The other thing I did was the obvious.  I read.  A lot.  I took recommendations from friends, fellow-authors and editors.  I went to the library and pulled anything that looked interesting off the shelves.  Romance is a big, big place.  Much bigger than SF or even mystery.  It takes awhile to start getting even a bit of a handle on it.  I read, queue Lady Gaga again, a whole lot of bad romance.  But I also read a whole lot of very, very good romance.  I identified what I enjoyed, and sought out more of it.  I took it apart in my mind to look at what I enjoyed, and how the stories had been put together.

And all the time, I wrote.  I had the basics of the writing craft, I needed to get the specifics of romance down.  Like a chef working on a new recipe, I tried different ingredients and combinations.  I went out trolling for ideas, and rejected most of them.  I sent stuff out, and got rejected, and sent it out again.  This part I knew well, and I wasn’t glad to see it again, but it’s all part of the writing game.  In romance, in fact, it’s got a name, it’s called the Black Moment, that point when the final conflict between the Heroine and Hero appears.

It comes right before the Happily Ever After.


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How to Write a Romance Novel — 6 Comments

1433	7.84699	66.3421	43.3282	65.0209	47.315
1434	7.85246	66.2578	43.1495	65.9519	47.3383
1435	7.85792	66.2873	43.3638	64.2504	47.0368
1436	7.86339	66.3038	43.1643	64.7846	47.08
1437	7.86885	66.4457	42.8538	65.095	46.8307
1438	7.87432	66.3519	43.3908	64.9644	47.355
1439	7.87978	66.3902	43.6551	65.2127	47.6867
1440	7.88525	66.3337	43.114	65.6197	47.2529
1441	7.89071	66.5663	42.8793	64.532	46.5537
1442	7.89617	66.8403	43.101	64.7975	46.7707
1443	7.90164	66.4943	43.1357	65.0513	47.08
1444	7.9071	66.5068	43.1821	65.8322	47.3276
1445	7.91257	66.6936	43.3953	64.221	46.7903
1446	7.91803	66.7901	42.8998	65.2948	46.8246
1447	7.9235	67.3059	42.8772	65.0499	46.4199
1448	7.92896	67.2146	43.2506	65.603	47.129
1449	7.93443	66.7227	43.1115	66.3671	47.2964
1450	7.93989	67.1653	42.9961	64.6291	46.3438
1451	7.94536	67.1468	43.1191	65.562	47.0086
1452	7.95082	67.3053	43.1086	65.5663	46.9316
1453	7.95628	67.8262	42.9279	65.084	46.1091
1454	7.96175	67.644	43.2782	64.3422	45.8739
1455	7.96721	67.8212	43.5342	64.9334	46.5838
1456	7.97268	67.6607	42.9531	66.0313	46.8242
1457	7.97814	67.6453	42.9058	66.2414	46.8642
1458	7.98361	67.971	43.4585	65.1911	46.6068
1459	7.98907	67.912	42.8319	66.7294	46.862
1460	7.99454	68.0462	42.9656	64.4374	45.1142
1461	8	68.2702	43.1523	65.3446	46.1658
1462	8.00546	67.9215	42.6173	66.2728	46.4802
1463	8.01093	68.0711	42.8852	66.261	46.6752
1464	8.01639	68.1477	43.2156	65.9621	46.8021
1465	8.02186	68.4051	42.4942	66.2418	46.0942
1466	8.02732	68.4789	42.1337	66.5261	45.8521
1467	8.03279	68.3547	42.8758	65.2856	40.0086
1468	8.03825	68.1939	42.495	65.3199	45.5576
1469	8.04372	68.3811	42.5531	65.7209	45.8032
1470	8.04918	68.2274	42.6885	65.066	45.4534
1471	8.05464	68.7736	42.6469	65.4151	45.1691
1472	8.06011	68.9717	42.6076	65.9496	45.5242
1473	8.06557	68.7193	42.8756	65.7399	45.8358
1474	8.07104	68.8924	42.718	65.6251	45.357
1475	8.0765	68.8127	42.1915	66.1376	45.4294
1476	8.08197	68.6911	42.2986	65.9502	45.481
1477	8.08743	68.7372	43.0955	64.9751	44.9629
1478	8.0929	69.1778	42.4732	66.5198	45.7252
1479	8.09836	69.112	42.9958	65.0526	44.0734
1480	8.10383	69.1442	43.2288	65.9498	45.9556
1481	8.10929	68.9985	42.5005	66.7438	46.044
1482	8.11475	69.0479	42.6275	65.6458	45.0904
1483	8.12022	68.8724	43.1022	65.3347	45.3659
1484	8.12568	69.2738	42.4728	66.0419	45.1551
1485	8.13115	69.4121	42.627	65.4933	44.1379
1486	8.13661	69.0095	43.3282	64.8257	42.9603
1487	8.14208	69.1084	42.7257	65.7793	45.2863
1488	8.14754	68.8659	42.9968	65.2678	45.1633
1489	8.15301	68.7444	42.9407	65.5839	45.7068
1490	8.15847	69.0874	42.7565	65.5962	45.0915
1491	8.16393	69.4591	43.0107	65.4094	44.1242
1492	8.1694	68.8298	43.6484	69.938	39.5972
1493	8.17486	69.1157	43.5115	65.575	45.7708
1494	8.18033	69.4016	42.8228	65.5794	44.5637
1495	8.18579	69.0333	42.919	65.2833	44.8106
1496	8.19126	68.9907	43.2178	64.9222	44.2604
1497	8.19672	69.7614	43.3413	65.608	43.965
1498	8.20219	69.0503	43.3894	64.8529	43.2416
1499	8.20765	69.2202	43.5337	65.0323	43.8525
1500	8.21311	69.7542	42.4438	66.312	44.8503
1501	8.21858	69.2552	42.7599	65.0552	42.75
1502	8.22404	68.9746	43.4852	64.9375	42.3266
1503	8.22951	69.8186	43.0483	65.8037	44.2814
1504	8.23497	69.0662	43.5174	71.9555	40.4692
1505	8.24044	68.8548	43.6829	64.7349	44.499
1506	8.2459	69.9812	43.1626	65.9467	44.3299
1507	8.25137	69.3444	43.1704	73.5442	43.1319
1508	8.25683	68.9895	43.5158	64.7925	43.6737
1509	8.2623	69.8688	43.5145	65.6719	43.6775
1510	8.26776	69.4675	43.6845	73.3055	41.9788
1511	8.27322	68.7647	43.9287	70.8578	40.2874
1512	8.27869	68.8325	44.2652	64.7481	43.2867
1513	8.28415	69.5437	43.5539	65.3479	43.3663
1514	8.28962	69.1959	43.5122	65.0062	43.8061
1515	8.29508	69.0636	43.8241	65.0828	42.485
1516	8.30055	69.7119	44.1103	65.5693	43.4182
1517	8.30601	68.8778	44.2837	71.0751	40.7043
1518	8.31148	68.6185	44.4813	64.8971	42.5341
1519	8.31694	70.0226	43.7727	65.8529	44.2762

1. I stopped writing romances when I realized that I didn’t believe in the genre anymore, or rather, that I just didn’t feel romance any more. If you don’t feel it, you shouldn’t be writing it. The feeling comes and goes, and I know that my years writing romances still influence my work…that stubborn tendency toward a happy ending, and the belief that relationships are pivotal.

  2. And that’s the thing which is true with all genres, to turn out a good story, you have to find the part you love, that you are interested in or intrigued by. I’m not going to criticize anyone for writing for money. I make my living doing just that. But to turn in a good story, you have to find a way to like the project, or at least to turn it to something you can like and be interested in. If you can’t do that, you should be trying something else.

  3. I had a student once who insisted that anyone could write a romance. It was a point of pride with him that he could do it, since his wife had told him he didn’t have a romantic bone in his body. Sadly, his wife was right.

  4. I got started writing professionally when a friend from baby-play-group decided that the solution to her family’s financial woes was for her to write a Romance. She then organized a women’s writing group to facilitate this process. I got so excited, I wrote out the fantasy story I’d been telling in my head. It was utterly unpublishable, but it got me on a writing roll that — with lots of practice! — eventually led to my first short story sale. As far as I know, my friend never finished her Romance novel, alas.